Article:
In June, we went to the Emerald Isle for Drupal Dev Days Dublin[1]. freistil IT was Gold Sponsor and we almost didn’t get our freistilbox banners made in time because of a botched job by the printer. At the event, we launched freistilbox Solo, our virtual freistilbox environment for development and testing. I had arrived a few days early to start scouting for houses because this would be the year my family would finally make a long-held dream come true and move to Ireland.

In August, I flew over with my family and, as luck would have it, we found a house on the very first day of hunting. freistil IT is a distributed team and completely location-independent, so my move didn’t cause any major disruption. I only had to make do with a 3G modem until they switched on our broadband. In Freiburg, I had worked from a shared office in town, now my office is only a few steps from my bedroom. A home office has its own challenges, but if things gets too distracting, I simply go to a coffee shop like the one I’m typing this right now.

Drupal Ireland is a lovely bunch of people and I enjoy the monthly meetups in Dublin. In September, I met a few of the folks at the Prague airport where I had arrived for DrupalCon Europe and not much later, we found ourselves at an Irish Pub watching the GAA final. Prague actually was my first trip to eastern Europe and I enjoyed it very much. DrupalCon was a good opportunity to catch up with some of our customers. Not all of the feedback we got in these talks was positive but that’s not why we do them anyway: Improving first needs learning what we can do better. That’s why we appreciate honest feedback , and in the long run, constructive criticism pays for both sides.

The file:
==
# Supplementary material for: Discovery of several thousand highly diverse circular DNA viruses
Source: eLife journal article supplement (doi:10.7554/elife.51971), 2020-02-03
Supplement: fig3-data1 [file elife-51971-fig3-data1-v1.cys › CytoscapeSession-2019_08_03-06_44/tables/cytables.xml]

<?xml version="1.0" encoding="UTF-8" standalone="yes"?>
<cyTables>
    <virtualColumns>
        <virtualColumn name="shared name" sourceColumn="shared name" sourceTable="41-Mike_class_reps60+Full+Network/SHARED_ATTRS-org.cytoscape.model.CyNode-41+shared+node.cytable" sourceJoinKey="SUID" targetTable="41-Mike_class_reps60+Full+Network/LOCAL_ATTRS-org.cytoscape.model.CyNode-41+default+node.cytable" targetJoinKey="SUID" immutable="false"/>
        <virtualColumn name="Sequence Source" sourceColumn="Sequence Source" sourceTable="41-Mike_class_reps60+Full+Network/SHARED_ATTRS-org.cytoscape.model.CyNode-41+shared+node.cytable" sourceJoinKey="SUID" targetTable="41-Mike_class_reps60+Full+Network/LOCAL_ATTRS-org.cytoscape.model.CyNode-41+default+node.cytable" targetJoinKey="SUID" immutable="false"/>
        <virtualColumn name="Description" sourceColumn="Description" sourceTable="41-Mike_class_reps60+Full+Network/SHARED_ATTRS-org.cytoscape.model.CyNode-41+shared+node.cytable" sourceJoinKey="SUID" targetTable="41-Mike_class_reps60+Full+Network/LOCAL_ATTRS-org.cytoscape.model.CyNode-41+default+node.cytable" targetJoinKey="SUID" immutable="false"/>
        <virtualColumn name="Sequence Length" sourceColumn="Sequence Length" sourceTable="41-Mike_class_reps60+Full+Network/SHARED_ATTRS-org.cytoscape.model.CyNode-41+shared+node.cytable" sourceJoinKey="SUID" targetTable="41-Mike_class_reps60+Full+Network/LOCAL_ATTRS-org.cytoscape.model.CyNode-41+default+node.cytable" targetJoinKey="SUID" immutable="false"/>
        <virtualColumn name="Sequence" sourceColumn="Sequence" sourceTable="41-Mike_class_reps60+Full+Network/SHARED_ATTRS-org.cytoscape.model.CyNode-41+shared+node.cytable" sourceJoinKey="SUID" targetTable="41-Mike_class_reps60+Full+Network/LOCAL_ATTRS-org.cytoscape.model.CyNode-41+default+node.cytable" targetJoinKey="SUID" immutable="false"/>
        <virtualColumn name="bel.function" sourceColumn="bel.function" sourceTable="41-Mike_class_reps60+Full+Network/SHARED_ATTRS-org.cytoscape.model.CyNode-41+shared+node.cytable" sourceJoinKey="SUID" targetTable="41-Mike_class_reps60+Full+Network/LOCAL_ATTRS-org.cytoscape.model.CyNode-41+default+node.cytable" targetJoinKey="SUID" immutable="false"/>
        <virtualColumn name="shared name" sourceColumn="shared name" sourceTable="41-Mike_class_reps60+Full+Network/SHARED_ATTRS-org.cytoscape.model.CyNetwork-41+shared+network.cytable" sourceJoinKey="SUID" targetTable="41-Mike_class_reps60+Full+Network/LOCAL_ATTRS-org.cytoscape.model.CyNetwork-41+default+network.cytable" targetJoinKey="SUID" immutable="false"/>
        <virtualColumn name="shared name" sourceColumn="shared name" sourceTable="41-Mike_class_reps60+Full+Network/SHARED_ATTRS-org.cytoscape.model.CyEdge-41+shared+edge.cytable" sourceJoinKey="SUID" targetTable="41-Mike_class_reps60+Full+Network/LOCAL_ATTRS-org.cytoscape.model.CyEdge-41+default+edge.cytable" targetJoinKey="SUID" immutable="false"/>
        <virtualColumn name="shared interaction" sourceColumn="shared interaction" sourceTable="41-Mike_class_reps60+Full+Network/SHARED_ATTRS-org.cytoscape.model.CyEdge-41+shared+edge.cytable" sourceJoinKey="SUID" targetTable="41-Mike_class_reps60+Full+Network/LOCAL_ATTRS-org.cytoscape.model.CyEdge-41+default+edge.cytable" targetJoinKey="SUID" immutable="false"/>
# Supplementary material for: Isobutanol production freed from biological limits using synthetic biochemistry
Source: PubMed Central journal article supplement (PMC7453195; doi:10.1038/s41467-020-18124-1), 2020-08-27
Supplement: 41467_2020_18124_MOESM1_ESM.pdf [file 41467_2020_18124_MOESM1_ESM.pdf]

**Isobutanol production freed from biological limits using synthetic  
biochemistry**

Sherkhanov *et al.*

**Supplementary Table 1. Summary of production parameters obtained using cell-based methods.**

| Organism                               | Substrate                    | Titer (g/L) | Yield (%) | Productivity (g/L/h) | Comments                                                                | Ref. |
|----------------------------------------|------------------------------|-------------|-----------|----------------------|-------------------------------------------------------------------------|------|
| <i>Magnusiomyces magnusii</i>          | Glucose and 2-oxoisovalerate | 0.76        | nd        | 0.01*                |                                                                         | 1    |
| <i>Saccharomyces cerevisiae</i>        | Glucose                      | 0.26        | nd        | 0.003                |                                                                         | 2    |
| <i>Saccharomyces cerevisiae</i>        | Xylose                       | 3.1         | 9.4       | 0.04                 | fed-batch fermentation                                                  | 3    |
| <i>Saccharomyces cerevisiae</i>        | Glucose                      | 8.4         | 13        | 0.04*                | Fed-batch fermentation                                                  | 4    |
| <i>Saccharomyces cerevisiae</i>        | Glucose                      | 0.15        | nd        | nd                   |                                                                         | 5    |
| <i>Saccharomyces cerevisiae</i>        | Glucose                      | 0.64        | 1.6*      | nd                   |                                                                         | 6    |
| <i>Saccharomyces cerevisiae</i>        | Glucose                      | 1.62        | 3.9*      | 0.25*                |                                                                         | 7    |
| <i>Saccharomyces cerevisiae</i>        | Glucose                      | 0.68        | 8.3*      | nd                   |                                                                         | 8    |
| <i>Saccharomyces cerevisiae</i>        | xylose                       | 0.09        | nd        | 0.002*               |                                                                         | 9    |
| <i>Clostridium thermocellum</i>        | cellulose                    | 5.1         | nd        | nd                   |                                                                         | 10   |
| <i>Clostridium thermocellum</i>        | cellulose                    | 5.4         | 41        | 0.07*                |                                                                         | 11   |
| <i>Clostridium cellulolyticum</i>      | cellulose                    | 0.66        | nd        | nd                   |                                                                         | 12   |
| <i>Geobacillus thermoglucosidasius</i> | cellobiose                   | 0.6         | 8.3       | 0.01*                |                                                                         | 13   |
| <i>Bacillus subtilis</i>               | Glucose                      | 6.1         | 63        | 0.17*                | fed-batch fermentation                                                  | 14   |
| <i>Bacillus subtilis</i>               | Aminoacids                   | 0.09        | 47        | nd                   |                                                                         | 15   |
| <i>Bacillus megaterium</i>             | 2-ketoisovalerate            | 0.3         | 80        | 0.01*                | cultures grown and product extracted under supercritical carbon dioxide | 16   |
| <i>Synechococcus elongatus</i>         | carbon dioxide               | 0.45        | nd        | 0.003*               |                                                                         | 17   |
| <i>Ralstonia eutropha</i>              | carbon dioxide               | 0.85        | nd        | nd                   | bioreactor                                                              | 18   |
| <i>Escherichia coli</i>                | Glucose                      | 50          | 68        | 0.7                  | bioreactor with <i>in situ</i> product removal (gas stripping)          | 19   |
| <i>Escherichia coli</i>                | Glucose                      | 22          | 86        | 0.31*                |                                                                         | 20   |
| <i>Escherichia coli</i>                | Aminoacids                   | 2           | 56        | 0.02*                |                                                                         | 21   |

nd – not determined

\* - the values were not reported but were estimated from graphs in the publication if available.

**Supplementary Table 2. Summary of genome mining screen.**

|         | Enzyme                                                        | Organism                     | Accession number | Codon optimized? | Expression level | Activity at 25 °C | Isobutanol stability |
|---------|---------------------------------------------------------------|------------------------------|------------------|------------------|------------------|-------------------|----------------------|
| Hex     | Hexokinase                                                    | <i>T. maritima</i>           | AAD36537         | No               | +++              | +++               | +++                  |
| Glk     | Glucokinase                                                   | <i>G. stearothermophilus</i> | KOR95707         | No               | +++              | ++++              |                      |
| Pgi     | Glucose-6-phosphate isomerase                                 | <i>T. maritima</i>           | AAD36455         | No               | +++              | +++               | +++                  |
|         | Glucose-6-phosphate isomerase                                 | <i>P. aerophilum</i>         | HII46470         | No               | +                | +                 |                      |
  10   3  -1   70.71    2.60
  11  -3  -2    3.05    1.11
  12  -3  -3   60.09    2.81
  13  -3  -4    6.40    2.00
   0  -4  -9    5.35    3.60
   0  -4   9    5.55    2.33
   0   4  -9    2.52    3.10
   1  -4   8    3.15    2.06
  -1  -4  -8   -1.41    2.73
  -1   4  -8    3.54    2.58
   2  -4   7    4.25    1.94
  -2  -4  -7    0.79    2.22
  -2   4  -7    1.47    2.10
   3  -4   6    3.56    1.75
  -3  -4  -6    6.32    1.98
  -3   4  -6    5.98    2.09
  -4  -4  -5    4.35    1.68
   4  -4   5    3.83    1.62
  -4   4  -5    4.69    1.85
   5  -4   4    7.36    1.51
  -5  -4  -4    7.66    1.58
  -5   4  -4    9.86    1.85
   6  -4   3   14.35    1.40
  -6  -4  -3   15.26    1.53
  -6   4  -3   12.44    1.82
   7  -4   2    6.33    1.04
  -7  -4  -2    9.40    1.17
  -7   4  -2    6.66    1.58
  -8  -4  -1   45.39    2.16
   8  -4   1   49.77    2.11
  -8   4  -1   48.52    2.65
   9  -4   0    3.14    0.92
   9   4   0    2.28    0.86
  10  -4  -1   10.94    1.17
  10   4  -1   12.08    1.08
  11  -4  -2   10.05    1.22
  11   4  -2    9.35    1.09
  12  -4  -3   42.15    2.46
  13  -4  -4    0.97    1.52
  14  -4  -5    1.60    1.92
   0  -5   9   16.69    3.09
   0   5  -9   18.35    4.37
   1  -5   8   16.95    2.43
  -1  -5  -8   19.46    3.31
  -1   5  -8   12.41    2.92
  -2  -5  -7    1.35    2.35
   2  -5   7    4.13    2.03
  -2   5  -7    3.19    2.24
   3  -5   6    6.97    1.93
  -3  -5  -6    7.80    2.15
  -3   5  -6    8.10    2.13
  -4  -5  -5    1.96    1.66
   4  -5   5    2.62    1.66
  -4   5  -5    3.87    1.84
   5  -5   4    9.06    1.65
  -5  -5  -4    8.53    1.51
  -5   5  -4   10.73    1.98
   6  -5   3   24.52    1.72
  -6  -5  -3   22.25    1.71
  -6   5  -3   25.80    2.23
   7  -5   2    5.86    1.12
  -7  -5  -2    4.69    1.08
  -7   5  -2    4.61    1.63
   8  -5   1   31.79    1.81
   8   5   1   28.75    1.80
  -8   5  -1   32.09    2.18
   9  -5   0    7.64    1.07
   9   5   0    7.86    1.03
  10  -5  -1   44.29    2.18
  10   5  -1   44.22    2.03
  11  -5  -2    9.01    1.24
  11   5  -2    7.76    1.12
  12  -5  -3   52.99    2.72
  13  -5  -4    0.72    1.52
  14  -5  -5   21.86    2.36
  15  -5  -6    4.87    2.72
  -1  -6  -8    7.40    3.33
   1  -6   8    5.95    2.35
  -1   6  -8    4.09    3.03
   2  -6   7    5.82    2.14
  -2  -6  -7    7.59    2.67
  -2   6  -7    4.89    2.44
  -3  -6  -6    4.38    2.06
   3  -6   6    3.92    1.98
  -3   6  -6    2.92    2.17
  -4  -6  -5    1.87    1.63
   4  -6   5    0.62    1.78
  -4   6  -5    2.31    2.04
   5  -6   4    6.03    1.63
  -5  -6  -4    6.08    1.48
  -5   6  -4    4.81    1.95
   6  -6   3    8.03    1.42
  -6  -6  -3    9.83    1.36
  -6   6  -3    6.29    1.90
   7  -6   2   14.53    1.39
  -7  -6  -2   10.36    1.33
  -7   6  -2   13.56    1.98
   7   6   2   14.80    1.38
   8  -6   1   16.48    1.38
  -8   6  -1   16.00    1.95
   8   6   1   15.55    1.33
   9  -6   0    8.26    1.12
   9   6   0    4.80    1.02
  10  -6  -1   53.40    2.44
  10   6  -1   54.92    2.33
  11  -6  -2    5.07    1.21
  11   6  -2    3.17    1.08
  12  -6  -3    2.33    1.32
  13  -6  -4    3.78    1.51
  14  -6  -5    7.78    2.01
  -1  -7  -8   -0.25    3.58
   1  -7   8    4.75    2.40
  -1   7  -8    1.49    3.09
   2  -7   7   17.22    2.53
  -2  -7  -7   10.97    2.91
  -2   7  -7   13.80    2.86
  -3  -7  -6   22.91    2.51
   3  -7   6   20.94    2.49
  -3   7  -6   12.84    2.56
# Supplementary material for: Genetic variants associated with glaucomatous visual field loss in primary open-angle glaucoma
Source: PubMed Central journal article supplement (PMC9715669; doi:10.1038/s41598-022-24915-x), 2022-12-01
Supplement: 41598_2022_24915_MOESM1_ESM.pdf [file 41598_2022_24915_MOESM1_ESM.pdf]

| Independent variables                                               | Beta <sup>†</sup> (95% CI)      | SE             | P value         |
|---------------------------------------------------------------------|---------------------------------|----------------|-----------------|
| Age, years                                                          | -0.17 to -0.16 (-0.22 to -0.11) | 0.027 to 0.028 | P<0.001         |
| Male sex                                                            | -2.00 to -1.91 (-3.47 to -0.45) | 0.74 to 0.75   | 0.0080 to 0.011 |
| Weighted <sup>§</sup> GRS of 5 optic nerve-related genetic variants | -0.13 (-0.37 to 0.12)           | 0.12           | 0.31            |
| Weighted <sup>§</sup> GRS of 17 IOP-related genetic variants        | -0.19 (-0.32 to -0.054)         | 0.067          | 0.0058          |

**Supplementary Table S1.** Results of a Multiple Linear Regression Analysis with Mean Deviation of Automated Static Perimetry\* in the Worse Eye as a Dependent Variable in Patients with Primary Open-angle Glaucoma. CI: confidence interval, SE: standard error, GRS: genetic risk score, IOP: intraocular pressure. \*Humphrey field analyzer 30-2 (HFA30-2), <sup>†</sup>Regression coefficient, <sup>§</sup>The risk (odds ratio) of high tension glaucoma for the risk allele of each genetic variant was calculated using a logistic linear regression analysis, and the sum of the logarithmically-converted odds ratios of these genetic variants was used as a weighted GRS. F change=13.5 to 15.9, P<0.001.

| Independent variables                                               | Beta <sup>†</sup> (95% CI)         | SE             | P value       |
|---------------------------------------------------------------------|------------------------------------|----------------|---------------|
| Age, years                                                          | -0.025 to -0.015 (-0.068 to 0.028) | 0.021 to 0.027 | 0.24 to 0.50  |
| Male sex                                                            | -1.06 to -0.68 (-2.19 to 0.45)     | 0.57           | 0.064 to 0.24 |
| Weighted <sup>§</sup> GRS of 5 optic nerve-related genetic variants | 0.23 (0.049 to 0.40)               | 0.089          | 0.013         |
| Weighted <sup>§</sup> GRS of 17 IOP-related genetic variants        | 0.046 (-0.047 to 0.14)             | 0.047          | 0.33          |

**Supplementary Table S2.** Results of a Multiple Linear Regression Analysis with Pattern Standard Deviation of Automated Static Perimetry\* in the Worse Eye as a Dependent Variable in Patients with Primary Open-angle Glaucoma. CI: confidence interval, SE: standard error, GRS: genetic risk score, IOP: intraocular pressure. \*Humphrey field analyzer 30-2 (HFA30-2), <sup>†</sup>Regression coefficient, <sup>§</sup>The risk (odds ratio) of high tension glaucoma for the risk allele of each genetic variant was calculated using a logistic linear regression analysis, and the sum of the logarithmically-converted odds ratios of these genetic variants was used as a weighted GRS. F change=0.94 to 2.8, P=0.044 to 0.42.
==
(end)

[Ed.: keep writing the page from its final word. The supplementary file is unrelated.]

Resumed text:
We attended not only Drupal conferences, though. Since we’re doing cutting-edge IT work, we spent time exchanging knowledge and experience at DevOps Days in London and Berlin as well as at the Open Source Datacenter Conference in Nuremberg. We found these events great to gain new impulses and to share what we’ve learned.

During the year, especially in the second half, the reliability of our freistilbox hosting platform suffered a lot from network issues. In order to be more resilient against power or network outages, we had spread our servers over several datacenters. We didn’t experience a single outage on the datacenter level. What happened a lot, though, was the “noisy neighbor” problem: servers on the same network segment that were either origin or target of a DDoS attack which then impacted the whole segment. The only way to solve these problems back then was to notify datacenter staff who then identified and isolated the server involved in the attack; a procedure that usually takes 5 to 10 minutes. We realised that the distribution of our servers exposed our infrastructure too much to these problems and decided to move into dedicated racks that housed only our own servers. With that change, things got much quieter. This is a big advantage our bare-metal infrastructure has over cloud-based solutions: we have full control over where our IT resources are located and how much or how little they share with others. In November, our datacenter provider experienced a massive DDoS attack with no clear target and a traffic volume that caused problems even at their uplink carrier. It was a rough weekend for us and our customers. Interestingly, after that event, we’ve not experienced any other serious network problem at all. Looks like our datacenter provider made some effective changes. Additionally, they officially announced plans to overhaul their network infrastructure and to put anti-DDoS systems in place.